MODIFIERS: MISPLACED, SQUINTING AND DANGLING

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1 T h e W r i t i n g C e n t e r L e w i s & C l a r k C o l l e g e MODIFIERS: MISPLACED, SQUINTING AND DANGLING THE ISSUE The function of modifiers, adjectives and adverbs, is to enable you to express your ideas clearly and precisely by making some aspect of a statement more specific, to define it more precisely. The man who just walked by is my brother. (adjective) He walked as if his feet hurt. (adverb) Obviously, if adverbs and adjectives are to do their jobs, they must be used correctly. Or, to turn the situation around, if readers of your prose have to work to figure out which segments of your statements you are trying to modify, you are not communicating very well with them. THE RULES Adjectives automatically modify the noun, pronoun or phrase they are physically closest to. So, all other things being equal, you'll want to place your adjectives immediately before or after the word(s) they are intended to make more specific. Adverbs have more freedom to move around in sentences, but, again, you need to watch for points where they are ambiguous or clearly misplaced. With these simple guidelines in mind, let's consider some typical problems. TYPICAL PROBLEMS MISPLACED MOFDIFIERS Samples of misplaced modifiers periodically circulate through , purportedly examples of prose taken from police or insurance reports. In the following examples of misplaced modifiers, the adjective (in boldface) currently modifies the noun it is closest to (underlined). Fixing the problem, as you can see, requires getting it closer to the word it is actually intended to specify. Susan M. Hubbuch Rev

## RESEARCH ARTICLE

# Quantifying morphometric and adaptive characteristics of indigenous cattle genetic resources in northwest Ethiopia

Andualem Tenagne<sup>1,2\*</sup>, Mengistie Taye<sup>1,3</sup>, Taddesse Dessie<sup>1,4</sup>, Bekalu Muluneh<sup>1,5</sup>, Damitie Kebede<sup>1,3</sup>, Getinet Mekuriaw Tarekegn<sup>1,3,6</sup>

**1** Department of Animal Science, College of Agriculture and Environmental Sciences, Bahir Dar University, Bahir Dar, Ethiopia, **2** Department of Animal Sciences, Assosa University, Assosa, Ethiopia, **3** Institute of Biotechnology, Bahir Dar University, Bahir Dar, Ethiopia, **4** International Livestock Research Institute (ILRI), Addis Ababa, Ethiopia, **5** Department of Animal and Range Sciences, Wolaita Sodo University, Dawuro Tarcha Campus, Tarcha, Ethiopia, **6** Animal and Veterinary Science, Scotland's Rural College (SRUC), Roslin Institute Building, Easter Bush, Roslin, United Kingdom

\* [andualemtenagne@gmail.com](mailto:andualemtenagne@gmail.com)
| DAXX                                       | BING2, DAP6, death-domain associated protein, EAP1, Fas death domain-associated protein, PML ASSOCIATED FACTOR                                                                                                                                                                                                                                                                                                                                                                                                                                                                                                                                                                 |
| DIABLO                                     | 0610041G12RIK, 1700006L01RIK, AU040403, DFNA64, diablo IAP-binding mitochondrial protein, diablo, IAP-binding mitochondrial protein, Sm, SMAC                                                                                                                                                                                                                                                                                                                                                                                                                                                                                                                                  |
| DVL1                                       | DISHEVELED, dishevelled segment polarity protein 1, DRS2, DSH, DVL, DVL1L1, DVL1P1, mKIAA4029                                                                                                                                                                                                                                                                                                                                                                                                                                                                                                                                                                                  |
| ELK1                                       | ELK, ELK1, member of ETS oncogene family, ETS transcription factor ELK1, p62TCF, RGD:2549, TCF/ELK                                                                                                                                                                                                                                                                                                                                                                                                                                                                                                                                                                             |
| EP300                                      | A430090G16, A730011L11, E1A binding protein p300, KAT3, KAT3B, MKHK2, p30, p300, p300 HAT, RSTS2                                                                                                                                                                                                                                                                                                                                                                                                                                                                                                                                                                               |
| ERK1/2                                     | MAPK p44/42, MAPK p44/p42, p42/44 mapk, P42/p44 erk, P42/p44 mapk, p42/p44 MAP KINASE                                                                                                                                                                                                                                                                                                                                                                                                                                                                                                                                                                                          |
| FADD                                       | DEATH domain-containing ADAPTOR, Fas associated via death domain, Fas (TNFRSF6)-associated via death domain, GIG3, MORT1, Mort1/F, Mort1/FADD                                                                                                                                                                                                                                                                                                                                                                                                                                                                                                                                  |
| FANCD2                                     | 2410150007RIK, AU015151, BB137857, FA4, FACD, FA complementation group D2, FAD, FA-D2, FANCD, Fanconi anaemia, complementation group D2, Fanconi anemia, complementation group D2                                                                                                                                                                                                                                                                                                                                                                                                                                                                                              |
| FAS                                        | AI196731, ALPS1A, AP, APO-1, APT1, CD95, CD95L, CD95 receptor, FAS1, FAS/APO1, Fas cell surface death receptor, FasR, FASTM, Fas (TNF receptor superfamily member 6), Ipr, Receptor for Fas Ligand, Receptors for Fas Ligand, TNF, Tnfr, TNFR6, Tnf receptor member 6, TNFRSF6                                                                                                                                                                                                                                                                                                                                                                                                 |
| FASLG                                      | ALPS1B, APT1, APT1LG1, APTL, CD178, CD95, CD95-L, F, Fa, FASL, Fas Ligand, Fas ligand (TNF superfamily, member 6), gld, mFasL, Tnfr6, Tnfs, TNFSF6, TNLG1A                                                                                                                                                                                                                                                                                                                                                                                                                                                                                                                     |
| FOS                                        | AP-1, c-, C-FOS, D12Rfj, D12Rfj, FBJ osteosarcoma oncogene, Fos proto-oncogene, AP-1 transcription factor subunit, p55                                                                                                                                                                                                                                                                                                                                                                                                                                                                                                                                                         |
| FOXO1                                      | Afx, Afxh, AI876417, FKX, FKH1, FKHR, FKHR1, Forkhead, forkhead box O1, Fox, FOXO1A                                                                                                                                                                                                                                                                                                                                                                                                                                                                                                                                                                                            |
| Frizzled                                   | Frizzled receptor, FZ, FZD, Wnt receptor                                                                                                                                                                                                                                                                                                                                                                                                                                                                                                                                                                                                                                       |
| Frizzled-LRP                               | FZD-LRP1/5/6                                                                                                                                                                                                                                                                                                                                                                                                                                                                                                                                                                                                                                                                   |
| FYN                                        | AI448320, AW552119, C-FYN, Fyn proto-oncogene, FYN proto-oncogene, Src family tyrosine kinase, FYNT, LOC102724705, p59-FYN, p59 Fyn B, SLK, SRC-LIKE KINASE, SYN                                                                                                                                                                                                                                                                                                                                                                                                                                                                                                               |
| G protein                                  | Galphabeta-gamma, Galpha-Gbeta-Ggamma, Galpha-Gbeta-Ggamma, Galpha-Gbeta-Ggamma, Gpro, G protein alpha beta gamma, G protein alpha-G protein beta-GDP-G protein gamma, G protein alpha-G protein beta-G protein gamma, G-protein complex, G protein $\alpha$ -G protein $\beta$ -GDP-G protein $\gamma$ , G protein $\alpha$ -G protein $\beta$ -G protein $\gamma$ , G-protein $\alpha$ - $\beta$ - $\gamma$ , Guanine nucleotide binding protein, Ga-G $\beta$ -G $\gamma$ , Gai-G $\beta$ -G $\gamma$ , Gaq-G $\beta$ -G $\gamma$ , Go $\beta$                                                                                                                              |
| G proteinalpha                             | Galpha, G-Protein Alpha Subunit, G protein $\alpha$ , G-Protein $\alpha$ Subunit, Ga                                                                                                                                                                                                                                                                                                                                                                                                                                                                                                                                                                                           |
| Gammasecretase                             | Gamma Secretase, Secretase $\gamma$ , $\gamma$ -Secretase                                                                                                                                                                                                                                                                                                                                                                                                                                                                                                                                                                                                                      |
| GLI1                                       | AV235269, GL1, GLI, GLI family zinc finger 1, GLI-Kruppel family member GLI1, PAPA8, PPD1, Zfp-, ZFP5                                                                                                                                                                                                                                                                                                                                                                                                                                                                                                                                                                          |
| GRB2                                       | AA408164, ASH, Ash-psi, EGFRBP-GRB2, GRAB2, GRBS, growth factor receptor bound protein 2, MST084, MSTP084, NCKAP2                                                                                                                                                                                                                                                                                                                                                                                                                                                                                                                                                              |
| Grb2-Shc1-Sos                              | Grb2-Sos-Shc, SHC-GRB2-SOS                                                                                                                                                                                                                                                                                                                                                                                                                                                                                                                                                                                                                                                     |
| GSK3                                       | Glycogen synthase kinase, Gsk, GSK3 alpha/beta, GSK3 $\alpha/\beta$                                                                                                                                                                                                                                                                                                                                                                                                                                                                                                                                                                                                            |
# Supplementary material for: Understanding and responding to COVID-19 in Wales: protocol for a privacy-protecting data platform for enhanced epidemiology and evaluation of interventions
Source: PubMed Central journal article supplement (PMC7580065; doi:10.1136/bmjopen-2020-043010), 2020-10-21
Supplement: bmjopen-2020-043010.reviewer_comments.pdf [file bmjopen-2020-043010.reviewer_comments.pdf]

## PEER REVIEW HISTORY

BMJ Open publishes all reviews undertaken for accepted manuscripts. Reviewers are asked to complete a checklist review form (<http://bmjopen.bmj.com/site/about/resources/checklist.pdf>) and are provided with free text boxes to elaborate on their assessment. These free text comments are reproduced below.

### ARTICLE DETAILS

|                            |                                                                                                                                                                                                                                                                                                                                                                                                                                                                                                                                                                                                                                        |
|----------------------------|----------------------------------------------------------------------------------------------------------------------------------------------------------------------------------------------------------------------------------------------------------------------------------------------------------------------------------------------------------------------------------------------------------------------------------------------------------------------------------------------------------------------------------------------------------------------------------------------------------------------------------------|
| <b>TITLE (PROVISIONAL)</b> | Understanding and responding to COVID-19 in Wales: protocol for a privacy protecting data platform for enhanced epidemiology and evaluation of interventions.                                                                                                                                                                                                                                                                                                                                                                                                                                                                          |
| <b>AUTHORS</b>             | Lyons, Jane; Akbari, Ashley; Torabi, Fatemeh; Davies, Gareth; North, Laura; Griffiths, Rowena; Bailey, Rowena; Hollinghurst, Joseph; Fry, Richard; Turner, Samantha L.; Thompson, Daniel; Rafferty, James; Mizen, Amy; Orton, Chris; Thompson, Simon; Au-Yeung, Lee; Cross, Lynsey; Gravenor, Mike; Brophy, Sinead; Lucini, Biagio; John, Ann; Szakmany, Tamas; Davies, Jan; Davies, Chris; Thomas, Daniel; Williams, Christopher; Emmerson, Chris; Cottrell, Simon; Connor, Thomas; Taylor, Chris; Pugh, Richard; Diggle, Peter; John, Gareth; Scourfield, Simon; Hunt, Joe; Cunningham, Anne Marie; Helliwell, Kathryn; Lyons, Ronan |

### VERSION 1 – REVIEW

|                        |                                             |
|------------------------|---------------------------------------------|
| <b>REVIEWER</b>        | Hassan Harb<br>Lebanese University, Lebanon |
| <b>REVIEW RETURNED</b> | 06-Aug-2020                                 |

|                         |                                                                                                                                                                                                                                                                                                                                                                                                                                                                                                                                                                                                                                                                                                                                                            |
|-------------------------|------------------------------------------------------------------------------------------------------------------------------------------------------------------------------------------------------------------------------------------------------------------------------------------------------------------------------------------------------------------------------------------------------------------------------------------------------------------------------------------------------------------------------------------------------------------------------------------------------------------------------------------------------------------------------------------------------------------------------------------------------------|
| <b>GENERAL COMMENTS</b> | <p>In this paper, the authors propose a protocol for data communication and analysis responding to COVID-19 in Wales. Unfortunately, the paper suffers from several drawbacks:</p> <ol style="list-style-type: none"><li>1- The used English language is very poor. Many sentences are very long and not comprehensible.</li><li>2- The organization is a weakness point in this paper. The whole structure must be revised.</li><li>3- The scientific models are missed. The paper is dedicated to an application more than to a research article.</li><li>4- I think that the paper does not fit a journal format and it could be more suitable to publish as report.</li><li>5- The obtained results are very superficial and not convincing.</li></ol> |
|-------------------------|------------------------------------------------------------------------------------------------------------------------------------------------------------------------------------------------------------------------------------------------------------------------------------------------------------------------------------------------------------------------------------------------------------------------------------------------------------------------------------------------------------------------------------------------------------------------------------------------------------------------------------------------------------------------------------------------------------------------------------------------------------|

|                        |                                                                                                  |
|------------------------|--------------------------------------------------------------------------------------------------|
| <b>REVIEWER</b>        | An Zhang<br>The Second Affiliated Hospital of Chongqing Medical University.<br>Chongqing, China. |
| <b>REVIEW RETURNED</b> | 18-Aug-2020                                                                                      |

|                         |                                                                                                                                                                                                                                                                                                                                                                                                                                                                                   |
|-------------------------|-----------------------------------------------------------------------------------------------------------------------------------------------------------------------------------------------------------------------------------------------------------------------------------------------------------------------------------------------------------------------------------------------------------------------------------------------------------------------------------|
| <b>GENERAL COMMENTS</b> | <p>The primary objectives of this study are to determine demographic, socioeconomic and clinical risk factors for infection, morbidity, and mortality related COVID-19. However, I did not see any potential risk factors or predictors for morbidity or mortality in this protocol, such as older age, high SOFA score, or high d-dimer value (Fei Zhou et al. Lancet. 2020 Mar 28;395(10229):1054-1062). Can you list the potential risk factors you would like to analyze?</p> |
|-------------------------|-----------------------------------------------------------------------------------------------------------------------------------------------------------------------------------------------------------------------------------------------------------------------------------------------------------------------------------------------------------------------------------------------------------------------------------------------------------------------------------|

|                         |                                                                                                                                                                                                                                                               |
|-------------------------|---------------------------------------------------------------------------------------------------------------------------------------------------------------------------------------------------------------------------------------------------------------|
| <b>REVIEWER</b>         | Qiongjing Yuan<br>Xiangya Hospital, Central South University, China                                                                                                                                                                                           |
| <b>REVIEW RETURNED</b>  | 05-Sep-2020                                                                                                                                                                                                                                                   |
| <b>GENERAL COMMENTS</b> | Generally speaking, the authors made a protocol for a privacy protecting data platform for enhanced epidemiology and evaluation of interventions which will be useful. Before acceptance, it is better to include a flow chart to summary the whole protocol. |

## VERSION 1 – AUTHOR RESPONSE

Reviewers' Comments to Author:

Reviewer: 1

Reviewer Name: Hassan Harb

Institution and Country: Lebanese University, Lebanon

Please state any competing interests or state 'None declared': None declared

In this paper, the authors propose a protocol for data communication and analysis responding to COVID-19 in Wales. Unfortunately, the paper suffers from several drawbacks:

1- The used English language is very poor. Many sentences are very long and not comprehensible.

2 Modifiers 2 Misplaced A large painting attracts the visitor's eye on the west wall. We bought gas in Joseph at a small country store that costs $4 a gallon. When fried, I like okra. Better A large painting on the west wall attracts the visitor's eye. At a small country store in Joseph, we bought gas that costs $4 a gallon. I like okra when fried. SQUINTING MODIFIERS Such modifiers are said "to squint" because they could modify one of two possible grammatical structures/ideas: Eating out often pacifies her. What are you trying to say here? She is pacified by eating out two or three times a week (often). Eating out is a strategy that usually (often) pacifies her. DANGLING MODIFIERS Dangling modifiers are so called because they are modifiers (usually adjectives) that do not obviously and logically refer to a word or phrase in the sentence, or to a noun or pronoun in the form that it appears in the sentence. Arriving home exhausted, a beer and bed were the only things on his mind. Having flunked two tests, the best option was to drop the class. Forced to leave the country, exile was Marsha's fate for the next seven years. The evening was fun, playing video games and listening to rap. Dangling modifiers are often found at the beginnings of sentences (as is the case of the first three examples above), and they are most often phrases that begin with verbals (true of all these examples). Since verbals have their roots in verbs, they lull language users into assuming they are functioning in these sentences as verbs, which is not the case.